Although pain reduction after alcohol administration has repeatedly been demonstrated, alcohol effects on advanced and clinically relevant dynamic pain paradigms are still unknown. As such, temporal summation of pain (TSP) and conditioned pain modulation (CPM) indicate mechanisms of endogenous pain modulation and involve certain neurotransmitter systems crucially influenced by alcohol. Our study is the first to investigate acute alcohol effects on TSP and CPM. We investigated 39 healthy subjects in a placebo-controlled within-subject design and targeted alcohol levels of 0.06% (dose 1) and 0.08% (dose 2). Pain threshold, TSP, and CPM were evaluated before and after an alcoholic or placebo drink. Temporal summation of pain was assessed as enhanced pain response to 5 repetitive contact heat stimuli (threshold +3°C). Conditioned pain modulation was tested as pain inhibition when a conditioning stimulus (46°C hot water) was applied concurrently to a test stimulus (contact heat; threshold + 3°C). Both alcohol doses boosted CPM, with a greater effect size for the higher dose. Conditioning stimulus ratings increased after alcohol intake but were not correlated with CPM, suggesting independence of these effects. Temporal summation of pain was not affected by alcohol, and alcohol effects on pain threshold were small and limited to the higher dose. Our findings suggest that analgesic alcohol effects might be mainly driven by an enhancement of endogenous pain inhibition. The frequent use of alcohol as self-medication in chronic pain might be motivated by alcohol temporarily restoring deficient CPM, thus leading to pain relief in the short run and alcohol-related problems in the long run.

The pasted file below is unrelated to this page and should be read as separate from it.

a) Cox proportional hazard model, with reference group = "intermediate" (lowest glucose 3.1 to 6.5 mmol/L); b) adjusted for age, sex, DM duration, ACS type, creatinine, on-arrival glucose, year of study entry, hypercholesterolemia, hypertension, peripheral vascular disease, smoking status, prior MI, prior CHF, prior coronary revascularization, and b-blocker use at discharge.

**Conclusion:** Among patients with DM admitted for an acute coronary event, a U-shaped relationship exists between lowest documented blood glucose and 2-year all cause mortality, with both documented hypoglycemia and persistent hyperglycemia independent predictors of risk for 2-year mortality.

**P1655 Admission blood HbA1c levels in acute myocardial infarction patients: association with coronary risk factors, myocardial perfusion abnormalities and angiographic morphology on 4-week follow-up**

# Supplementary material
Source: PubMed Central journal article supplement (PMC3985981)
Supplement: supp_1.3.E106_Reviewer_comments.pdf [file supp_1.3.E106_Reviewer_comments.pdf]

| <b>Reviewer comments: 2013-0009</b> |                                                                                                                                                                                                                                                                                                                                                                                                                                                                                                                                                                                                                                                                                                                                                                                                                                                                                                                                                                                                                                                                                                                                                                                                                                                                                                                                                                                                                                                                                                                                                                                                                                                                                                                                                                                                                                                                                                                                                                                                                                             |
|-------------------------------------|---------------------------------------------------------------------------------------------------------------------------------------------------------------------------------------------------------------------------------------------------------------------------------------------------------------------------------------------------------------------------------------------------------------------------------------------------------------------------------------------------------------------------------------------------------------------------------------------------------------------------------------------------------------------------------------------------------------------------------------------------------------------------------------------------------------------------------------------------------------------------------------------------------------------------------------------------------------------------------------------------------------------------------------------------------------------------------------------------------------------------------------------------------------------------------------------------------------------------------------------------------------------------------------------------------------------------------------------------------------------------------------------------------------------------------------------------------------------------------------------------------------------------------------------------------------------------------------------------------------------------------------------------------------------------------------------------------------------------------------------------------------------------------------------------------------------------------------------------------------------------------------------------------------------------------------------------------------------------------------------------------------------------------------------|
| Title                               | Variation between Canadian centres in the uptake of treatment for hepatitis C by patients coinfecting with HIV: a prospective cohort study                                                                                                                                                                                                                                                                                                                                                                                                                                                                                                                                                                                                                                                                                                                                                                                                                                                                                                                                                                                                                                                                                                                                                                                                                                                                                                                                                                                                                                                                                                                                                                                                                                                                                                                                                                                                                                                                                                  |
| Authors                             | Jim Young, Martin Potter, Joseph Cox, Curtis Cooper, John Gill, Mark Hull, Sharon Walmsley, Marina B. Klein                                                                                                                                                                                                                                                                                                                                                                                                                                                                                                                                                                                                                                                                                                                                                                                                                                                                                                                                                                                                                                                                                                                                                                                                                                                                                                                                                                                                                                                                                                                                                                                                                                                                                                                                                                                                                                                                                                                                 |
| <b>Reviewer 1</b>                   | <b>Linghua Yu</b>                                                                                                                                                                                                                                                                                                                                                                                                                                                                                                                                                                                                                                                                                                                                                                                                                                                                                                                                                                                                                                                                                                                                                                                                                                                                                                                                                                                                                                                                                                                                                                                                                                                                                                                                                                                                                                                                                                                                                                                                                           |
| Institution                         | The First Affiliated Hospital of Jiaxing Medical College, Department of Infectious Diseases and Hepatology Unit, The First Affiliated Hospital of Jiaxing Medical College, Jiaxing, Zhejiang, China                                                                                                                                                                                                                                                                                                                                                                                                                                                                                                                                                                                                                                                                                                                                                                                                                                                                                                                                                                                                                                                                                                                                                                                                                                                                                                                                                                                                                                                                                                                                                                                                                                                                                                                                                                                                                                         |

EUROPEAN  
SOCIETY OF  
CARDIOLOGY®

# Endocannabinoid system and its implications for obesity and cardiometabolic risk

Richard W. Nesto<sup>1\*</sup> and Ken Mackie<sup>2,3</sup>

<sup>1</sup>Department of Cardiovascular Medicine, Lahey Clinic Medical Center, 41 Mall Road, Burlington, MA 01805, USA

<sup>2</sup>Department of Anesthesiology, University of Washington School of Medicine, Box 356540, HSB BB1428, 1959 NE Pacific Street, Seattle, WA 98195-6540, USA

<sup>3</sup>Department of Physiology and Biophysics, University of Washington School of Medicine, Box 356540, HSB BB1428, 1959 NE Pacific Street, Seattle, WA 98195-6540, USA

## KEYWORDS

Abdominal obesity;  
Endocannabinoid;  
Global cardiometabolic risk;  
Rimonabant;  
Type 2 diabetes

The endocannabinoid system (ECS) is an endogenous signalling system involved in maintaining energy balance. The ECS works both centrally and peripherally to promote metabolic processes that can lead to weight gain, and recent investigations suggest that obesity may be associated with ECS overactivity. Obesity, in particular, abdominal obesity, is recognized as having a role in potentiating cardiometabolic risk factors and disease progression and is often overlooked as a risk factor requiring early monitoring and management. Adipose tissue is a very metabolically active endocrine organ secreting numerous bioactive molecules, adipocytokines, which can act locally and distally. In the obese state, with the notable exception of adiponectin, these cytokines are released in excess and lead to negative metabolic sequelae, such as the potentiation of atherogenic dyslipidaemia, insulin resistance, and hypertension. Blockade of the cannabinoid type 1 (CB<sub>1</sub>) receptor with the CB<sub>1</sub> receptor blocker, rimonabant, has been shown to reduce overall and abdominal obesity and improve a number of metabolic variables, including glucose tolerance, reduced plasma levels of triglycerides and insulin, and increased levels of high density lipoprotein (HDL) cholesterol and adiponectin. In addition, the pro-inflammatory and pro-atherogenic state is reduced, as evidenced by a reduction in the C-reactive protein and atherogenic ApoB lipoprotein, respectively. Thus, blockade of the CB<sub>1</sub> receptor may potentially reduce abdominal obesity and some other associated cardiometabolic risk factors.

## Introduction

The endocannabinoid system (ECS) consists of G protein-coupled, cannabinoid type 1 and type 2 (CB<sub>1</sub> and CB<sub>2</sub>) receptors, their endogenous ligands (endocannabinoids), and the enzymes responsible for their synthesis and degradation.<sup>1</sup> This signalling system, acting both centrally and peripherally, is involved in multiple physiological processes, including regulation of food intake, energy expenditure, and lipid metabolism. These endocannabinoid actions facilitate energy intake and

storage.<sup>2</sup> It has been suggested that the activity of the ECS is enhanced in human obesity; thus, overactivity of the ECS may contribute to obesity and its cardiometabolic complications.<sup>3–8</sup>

We found acute alcohol effects on conditioned pain modulation but not on temporal summation of pain, suggesting that alcohol boosts endogenous pain inhibition.
aPhysiological Psychology, Otto-Friedrich University of Bamberg, Bamberg, Germany
bPathopsychology, Otto-Friedrich University of Bamberg, Bamberg, Germany
Corresponding author. Address: Physiological Psychology, Otto-Friedrich-University of Bamberg, Markusplatz 3, D-96045 Bamberg, Germany. Tel.: +49 (0)951-863 1798. E-mail address: email@example.com (C. Horn-Hofmann).
Sponsorships or competing interests that may be relevant to content are disclosed at the end of this article.
C. Horn-Hofmann and E.S. Capito contributed equally to this article.
Received December 20, 2018
Received in revised form March 27, 2019
Accepted April 19, 2019
Online date: April 23, 2019